The backlash against criticism resulted in the doctrine of Scriptural Inerrancy – the statement that all of Scripture was true because it was the Word of God. This circular piece of reasoning was gradually dropped as evidence mounted up for inaccuracies and it was replaced by one of the most redundant doctrines ever in the history of Christian theology. This is the idea that the Bible was without error in the original texts, which have now been lost, so are no help to us anyway. Why anyone would bother to subscribe to a doctrine with no practical use remains a mystery, yet as you say it has become a key part of many evangelical ‘statements of faith’.

    One of the key themes in recent Biblical study has been attempting to understand the context of the original audience for the material. Scholar Gordon Fee makes a distinction between ‘exegesis’ – determining what the Scripture meant to the people who originally heard it – and ‘hermeneutics’ – applying Scripture to a ‘here-and-now’ situation (How to Read the Bible for All Its Worth, Zondervan, 3rd edition 2003, chapter 1). Fee writes: “In speaking through real persons, in a variety of circumstances, over a 1,500 year period, God’s Word was expressed in the vocabulary and thought patterns of those persons and conditioned by the culture of those times and circumstances” [Fee, op cit p 23]. The challenge where we are in history is to apply the broad strokes of those specific expressions of divine revelation.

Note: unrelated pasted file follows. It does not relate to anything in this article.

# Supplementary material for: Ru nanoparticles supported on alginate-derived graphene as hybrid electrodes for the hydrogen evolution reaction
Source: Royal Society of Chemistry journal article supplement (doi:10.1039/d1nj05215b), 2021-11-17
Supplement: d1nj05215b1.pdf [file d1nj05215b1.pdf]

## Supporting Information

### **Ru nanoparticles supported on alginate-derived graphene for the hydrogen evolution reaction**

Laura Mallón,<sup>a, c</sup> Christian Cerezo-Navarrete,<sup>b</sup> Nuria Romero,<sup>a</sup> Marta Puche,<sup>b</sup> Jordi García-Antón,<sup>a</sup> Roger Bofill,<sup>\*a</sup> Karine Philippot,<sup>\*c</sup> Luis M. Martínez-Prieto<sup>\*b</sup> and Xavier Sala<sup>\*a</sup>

As part of the search for the causes of Scripture (what prompted these people to write these things?), there is a growing appreciation for the fact that the Bible is both the testimony to God’s revelation to certain people and also a potential revelatory vehicle to every person. The Holy Spirit is both the inspirer of Scripture and the interpreter of Scripture, bearing in mind the caveat employed by Fee: “A text cannot mean what it never meant… when it was first spoken” [op cit p 30, although Fee does allow an exception in the case of prophecy].

    The Bible was produced within the believing community and later the believing community acknowledged the authority it contained with the introduction of a set canon. At no point in the canon-forming process was absolute inerrancy demanded of the books included. The only questions asked regarded the inspiration of the books and their use within the community – with their use often being the ‘clincher’ in any argument.

    The key question to be faced is ‘Does the Bible have to be correct in every detail to be true?’ The alternative way of asking that is ‘Do minor (and generally they are minor) inaccuracies really cast any doubt on the central theme of the Bible, namely God’s desire to see human beings saved?’ It is the opinion of this theologian that the answer is ‘No’ on both counts.

    However, given the polemical nature of many who subscribe to the doctrine of Scriptural Inerrancy, it is highly likely to continue to feature in the many protestant creeds that exist.

    Thanks for contributing to freelance theology, JB.